A reader I will call “Passa” wrote the following:
My Autism-spectrum Quotient (AQ) is 33, and in a couple of weeks I’ll know for sure if I have Asperger’s syndrome (many childhood oddities, which to a degree still survive in me today, clearly imply I am somewhere on the spectrum). I suspect comorbidity with ADD (which is strongly supported by my WAIS results, in addition to my own self-awareness), and also mild OCD.
My major was in Computer Science, but I dropped out after one year and now I’m about to begin my Mathematics degree. Initially I suspected I wasn’t smart enough to obtain a degree in the latter, but later I realized I would be capable of obtaining it, granted I would undergo pharmacological or whatever therapy to decrease the effect of ADD on my cognition. I am really good at understanding complex concepts, somewhat less at doing long and complicated calculations (one more reason for dropping out of highly-computational Computer Science). My current goal is: doing research in the fields of Category Theory and Mathematical Logic.
The reader also stated:
I was tested in Italian, but scores were based on US norms, due to the fact that Italian norms don’t exist for the WAIS-III. My ancestry is:
– 75% South Italian (specifically from Campania)
– 25% North Italian (specifically from Lombardy)
RR is that you? 🙂 Just kidding.
Not a month goes by where someone doesn’t send me an email asking me, begging me, to take a look at their Wechsler scores or the Wechsler scores of their loved ones. I don’t really like doing this, because one’s Wechsler scores are between them and their psychologist, and I, a mere blogger, am not qualified to diagnose anyone or give psychological advice, so this blog post is for entertainment and educational purposes only.
“Passa” recently took the WAIS-III age 20. What follows are his scores expressed in IQ equivalents (U.S. norms) with values corrected for the Flynn effect (since the WAIS-III is now outdated, the IQs in parentheses are how I estimate he would have scored had he been given the more recently normed WAIS-IV instead, based on page 240 of James Flynn’s book Are We Getting Smarter? There’s no data on the Flynn effect for Letter-Number Sequencing but working memory subtests historically show the least Flynn effects). Note that subtest scores are reported on a scale where the U.S. mean is set at 10 with a standard deviation of 3, and IQs use a scale where the U.S. mean and standard deviation are set at 100 and 15 respectively. To convert scaled scores to IQ equivalents, merely multiply by 5 and then add 50.
I have divided the scores not into the traditional Verbal vs Performance IQ of the original Wechsler scales, but a more complex taxonomy the latest Wechsler scales are moving towards:
– Vocabulary: 17 (16)
– Similarities: 17 (16.3)
– Information: 18 (17.5)
– Comprehension: 16 (15.6)
Verbal Comprehension IQ 145 (140)
– Arithmetic: 15 (15)
– Digit Span: 13 (12.7)
– Letter-Number Sequencing: 13
Working Memory IQ 121 (121)
– Picture Completion: 13 (12.1)
– Block Design: 15 (14.7)
Spatial IQ 125 (121)
– Matrix Reasoning: 16 (15.4)
Abstract logic IQ 130 (127)
– Digit Symbol-Coding: 6 (5.8)
– Symbol Search: 9 (9)
Processing speed IQ 86 (86)
Passa is clearly very bright, and when it comes to verbal comprehension, brilliant, but he’s dragged down by very low processing speed. Low scores in this domain are associated with autism, so it’s not surprising that Passa’s pursuing an Asperger’s diagnosis. I have no idea whether Passa is autistic or not, but autistics may struggle with processing speed subtests either because they lack the executive function to efficiently shift focus, or the high anxiety and perfectionism of autistics slows them down on speed tasks.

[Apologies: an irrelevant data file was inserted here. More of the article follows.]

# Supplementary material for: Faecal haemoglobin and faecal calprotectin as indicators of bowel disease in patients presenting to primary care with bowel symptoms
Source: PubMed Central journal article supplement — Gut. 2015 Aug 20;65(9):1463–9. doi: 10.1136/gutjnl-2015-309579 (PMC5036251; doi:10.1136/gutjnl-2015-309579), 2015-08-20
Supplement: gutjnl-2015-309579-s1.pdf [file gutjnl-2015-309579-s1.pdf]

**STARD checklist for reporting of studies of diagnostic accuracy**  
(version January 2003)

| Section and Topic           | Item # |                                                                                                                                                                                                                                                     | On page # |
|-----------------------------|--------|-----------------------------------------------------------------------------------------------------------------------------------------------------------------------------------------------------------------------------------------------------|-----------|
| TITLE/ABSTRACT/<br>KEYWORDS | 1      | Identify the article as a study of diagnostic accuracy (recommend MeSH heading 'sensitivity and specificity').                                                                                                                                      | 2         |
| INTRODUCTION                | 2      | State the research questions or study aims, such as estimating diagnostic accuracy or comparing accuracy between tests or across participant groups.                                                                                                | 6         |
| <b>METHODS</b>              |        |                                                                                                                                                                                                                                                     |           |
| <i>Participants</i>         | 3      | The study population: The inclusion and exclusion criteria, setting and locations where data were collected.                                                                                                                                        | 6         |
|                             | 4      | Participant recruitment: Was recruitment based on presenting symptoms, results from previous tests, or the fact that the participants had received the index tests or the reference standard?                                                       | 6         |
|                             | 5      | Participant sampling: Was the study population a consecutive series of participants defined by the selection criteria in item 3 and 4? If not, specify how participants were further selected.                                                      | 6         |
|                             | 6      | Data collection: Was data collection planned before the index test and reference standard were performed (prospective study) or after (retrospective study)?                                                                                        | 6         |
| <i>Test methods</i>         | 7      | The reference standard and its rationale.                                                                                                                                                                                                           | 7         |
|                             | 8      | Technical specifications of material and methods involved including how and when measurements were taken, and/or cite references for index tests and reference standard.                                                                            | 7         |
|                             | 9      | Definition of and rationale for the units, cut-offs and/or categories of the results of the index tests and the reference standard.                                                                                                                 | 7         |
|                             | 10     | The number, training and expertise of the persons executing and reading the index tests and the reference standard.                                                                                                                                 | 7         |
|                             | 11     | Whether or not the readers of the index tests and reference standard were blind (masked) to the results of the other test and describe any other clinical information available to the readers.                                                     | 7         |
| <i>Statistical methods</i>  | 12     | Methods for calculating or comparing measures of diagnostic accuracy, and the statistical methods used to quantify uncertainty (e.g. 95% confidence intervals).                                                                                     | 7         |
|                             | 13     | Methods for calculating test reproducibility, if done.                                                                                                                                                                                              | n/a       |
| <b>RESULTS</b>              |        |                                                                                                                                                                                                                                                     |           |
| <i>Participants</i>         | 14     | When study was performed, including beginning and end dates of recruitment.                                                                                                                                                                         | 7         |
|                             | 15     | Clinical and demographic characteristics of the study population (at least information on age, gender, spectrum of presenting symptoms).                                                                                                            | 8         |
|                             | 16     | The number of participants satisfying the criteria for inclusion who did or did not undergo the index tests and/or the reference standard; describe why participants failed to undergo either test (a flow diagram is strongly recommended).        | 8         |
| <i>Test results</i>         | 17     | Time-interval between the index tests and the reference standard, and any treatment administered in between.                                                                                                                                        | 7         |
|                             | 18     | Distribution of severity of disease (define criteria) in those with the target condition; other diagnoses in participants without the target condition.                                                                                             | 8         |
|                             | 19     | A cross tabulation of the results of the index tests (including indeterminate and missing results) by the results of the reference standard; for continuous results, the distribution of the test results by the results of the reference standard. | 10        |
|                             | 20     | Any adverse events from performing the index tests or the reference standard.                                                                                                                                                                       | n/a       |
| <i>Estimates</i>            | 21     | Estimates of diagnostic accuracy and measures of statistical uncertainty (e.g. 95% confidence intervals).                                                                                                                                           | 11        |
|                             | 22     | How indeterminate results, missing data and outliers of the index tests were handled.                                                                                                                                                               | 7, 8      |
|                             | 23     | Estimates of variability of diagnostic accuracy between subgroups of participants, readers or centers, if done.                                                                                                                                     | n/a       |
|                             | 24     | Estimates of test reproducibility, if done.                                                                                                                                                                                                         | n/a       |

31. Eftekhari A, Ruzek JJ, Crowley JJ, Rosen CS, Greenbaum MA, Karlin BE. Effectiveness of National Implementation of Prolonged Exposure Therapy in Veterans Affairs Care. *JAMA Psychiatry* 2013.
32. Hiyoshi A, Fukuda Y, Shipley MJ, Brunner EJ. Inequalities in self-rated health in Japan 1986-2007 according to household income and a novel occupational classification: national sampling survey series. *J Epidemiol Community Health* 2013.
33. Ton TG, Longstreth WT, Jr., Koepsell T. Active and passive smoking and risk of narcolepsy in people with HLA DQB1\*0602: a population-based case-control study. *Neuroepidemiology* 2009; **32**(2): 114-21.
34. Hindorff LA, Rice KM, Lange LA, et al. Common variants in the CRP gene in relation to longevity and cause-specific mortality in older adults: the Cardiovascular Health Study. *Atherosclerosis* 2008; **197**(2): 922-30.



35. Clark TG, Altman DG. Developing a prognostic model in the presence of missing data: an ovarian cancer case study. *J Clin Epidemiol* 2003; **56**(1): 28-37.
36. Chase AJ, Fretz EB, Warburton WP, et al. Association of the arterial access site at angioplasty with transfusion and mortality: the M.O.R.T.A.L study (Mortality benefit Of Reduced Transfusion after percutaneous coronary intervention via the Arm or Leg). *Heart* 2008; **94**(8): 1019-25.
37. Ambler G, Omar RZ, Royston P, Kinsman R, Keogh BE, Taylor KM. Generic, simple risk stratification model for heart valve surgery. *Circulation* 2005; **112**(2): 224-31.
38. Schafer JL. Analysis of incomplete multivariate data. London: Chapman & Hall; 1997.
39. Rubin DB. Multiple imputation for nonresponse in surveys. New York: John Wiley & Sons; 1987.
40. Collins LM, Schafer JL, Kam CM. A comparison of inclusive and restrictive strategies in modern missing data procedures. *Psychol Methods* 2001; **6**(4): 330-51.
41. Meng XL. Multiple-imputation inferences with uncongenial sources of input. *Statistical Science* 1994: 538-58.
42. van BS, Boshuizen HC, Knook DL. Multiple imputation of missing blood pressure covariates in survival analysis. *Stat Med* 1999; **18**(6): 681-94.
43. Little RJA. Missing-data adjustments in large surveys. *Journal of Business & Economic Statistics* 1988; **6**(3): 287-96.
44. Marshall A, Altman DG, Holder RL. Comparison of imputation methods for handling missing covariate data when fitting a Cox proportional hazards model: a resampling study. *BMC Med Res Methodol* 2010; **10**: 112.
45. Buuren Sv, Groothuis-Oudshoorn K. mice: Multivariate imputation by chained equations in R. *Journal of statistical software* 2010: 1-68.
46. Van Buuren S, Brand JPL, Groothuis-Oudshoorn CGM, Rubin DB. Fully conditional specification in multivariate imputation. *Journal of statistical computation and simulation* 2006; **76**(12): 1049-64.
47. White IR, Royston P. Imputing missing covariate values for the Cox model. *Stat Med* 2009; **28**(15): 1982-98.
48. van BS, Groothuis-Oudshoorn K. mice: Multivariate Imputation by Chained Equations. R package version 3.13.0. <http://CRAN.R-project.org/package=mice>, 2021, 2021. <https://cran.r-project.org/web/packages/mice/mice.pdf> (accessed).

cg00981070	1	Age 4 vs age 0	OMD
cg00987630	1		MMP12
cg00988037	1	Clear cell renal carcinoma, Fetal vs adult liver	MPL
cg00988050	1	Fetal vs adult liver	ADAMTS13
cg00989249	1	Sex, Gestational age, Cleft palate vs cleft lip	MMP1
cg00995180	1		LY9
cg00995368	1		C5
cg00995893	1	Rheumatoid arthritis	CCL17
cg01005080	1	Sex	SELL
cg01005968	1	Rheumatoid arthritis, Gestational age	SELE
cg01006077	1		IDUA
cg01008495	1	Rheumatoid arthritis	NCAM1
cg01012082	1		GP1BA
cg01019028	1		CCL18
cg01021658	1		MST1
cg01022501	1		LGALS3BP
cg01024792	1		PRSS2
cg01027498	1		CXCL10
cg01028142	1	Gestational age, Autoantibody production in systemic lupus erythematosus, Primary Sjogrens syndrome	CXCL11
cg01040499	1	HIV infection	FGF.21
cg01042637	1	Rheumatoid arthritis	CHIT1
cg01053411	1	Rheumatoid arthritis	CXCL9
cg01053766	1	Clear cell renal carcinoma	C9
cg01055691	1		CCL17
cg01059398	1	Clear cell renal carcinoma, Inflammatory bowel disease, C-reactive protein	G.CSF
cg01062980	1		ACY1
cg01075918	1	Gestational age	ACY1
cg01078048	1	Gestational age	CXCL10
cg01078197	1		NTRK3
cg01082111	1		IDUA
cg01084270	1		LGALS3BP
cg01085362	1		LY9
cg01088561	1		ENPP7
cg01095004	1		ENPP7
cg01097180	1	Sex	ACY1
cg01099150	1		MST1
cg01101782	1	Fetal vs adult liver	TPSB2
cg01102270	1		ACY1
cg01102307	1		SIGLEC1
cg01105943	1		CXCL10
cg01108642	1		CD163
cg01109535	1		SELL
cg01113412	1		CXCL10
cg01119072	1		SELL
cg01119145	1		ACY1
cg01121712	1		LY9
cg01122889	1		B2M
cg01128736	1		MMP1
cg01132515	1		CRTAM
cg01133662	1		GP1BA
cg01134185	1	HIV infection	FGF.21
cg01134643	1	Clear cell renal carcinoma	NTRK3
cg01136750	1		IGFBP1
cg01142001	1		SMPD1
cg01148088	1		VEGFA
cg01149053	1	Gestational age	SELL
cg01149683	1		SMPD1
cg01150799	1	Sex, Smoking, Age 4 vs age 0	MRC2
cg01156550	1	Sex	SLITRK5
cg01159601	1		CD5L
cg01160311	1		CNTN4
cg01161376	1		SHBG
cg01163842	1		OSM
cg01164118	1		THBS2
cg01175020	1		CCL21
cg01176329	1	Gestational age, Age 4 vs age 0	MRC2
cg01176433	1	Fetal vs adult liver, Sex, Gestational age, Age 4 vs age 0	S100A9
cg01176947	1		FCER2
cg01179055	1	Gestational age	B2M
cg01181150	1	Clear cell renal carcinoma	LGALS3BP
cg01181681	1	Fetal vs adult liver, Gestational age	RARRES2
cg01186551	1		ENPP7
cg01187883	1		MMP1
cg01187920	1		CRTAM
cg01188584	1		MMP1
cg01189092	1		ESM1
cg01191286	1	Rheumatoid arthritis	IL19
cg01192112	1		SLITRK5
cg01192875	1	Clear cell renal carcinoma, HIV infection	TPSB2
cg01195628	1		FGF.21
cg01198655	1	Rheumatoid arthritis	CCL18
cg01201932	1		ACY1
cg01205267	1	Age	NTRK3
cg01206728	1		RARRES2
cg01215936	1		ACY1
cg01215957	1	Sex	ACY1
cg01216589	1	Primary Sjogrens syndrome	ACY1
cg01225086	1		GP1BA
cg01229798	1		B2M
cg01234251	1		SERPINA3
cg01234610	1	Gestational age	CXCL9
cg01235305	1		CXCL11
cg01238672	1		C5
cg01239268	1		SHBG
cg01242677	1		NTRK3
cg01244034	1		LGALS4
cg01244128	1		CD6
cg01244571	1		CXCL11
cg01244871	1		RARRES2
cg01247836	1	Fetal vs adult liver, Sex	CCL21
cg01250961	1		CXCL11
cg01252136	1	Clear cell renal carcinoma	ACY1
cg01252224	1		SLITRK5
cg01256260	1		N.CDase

On the other hand, the low processing speed score may not be a sign of autism, but be caused by attention problems associated with Passa’s suspected ADD, but given the relatively high Working Memory IQ, attention problems seem less likely. Either way, Passa may wish to ask his psychologist if he should avoid fields that call for rapid multitasking until these issues are resolved.
I have no idea whether Passa has autism and it’s not my place to opine, but his Wechsler profile (very low processing speed, Vocab, Info, Similarities > Comprehension, Block Design > Picture Completion) is consistent with autism, but his psychologist will need to know a lot more about him than just that to draw a reliable conclusion.
But autism is not necessarily a bad thing. A little autism might be good if you want to go into highly scientific or systematic fields, and while his score on the socially loaded Comprehension subtest is the lowest of his verbal comprehension scores, it’s still extremely high, suggesting he’s not clueless socially, at least not on an abstract verbal level.
Passa writes “I am really good at understanding complex concepts, somewhat less at doing long and complicated calculations”. The understanding of complex concepts is consistent with a verbal comprehension IQ of 140, but the less spectacular, though still very high, Working Memory IQ of 121 may drag down his ability to do long complex calculations.
Passa writes ” My current goal is: doing research in the fields of Category Theory and Mathematical Logic.” My advise is don’t do anything until you know what you’re really passionate about. Is this truly what you want to do with the rest of your life? Is this what captures your imagination and gets you up in the morning? Is this the topic you’re most obsessed with? If so, I’d say “go for it”, but talk it over with your psychologist first. Your combination of extremely highly verbal abstract ability (Similarities) plus very high Arithmetic and Matrix reasoning scores, suggests you’d be quite competitive in abstract math.